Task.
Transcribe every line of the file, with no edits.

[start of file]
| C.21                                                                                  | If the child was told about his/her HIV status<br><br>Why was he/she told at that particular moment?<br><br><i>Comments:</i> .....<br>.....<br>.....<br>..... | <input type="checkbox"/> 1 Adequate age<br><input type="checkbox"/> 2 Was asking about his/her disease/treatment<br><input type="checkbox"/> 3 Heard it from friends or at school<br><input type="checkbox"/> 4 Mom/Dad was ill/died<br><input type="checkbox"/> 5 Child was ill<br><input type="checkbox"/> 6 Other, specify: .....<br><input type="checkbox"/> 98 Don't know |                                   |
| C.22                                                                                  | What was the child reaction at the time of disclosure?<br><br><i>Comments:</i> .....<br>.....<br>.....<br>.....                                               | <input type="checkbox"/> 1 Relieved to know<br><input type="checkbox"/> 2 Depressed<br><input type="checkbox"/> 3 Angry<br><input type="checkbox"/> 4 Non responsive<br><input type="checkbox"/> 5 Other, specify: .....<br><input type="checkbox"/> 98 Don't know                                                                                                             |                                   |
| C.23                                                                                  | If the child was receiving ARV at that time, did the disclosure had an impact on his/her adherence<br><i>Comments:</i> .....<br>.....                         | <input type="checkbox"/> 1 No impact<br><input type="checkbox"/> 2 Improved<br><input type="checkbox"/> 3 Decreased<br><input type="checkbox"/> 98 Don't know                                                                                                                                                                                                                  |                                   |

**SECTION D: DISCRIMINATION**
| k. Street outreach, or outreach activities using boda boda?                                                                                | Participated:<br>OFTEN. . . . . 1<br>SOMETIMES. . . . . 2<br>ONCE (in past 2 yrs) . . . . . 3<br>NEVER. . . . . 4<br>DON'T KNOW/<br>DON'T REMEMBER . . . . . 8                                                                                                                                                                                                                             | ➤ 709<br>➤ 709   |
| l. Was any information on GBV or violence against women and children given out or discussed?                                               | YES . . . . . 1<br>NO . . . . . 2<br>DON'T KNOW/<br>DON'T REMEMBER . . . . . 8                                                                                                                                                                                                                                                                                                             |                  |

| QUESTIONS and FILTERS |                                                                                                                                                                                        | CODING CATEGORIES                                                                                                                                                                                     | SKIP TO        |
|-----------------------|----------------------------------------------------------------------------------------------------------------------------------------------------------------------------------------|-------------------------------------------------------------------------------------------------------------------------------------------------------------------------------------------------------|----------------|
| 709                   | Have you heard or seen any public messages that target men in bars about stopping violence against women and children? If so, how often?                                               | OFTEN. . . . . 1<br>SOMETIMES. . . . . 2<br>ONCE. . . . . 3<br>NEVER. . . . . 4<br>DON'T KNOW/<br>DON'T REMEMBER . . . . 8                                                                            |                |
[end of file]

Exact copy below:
| C.21                                                                                  | If the child was told about his/her HIV status<br><br>Why was he/she told at that particular moment?<br><br><i>Comments:</i> .....<br>.....<br>.....<br>..... | <input type="checkbox"/> 1 Adequate age<br><input type="checkbox"/> 2 Was asking about his/her disease/treatment<br><input type="checkbox"/> 3 Heard it from friends or at school<br><input type="checkbox"/> 4 Mom/Dad was ill/died<br><input type="checkbox"/> 5 Child was ill<br><input type="checkbox"/> 6 Other, specify: .....<br><input type="checkbox"/> 98 Don't know |                                   |
| C.22                                                                                  | What was the child reaction at the time of disclosure?<br><br><i>Comments:</i> .....<br>.....<br>.....<br>.....                                               | <input type="checkbox"/> 1 Relieved to know<br><input type="checkbox"/> 2 Depressed<br><input type="checkbox"/> 3 Angry<br><input type="checkbox"/> 4 Non responsive<br><input type="checkbox"/> 5 Other, specify: .....<br><input type="checkbox"/> 98 Don't know                                                                                                             |                                   |
| C.23                                                                                  | If the child was receiving ARV at that time, did the disclosure had an impact on his/her adherence<br><i>Comments:</i> .....<br>.....                         | <input type="checkbox"/> 1 No impact<br><input type="checkbox"/> 2 Improved<br><input type="checkbox"/> 3 Decreased<br><input type="checkbox"/> 98 Don't know                                                                                                                                                                                                                  |                                   |

**SECTION D: DISCRIMINATION**
| k. Street outreach, or outreach activities using boda boda?                                                                                | Participated:<br>OFTEN. . . . . 1<br>SOMETIMES. . . . . 2<br>ONCE (in past 2 yrs) . . . . . 3<br>NEVER. . . . . 4<br>DON'T KNOW/<br>DON'T REMEMBER . . . . . 8                                                                                                                                                                                                                             | ➤ 709<br>➤ 709   |
| l. Was any information on GBV or violence against women and children given out or discussed?                                               | YES . . . . . 1<br>NO . . . . . 2<br>DON'T KNOW/<br>DON'T REMEMBER . . . . . 8                                                                                                                                                                                                                                                                                                             |                  |

| QUESTIONS and FILTERS |                                                                                                                                                                                        | CODING CATEGORIES                                                                                                                                                                                     | SKIP TO        |
|-----------------------|----------------------------------------------------------------------------------------------------------------------------------------------------------------------------------------|-------------------------------------------------------------------------------------------------------------------------------------------------------------------------------------------------------|----------------|
| 709                   | Have you heard or seen any public messages that target men in bars about stopping violence against women and children? If so, how often?                                               | OFTEN. . . . . 1<br>SOMETIMES. . . . . 2<br>ONCE. . . . . 3<br>NEVER. . . . . 4<br>DON'T KNOW/<br>DON'T REMEMBER . . . . 8                                                                            |                |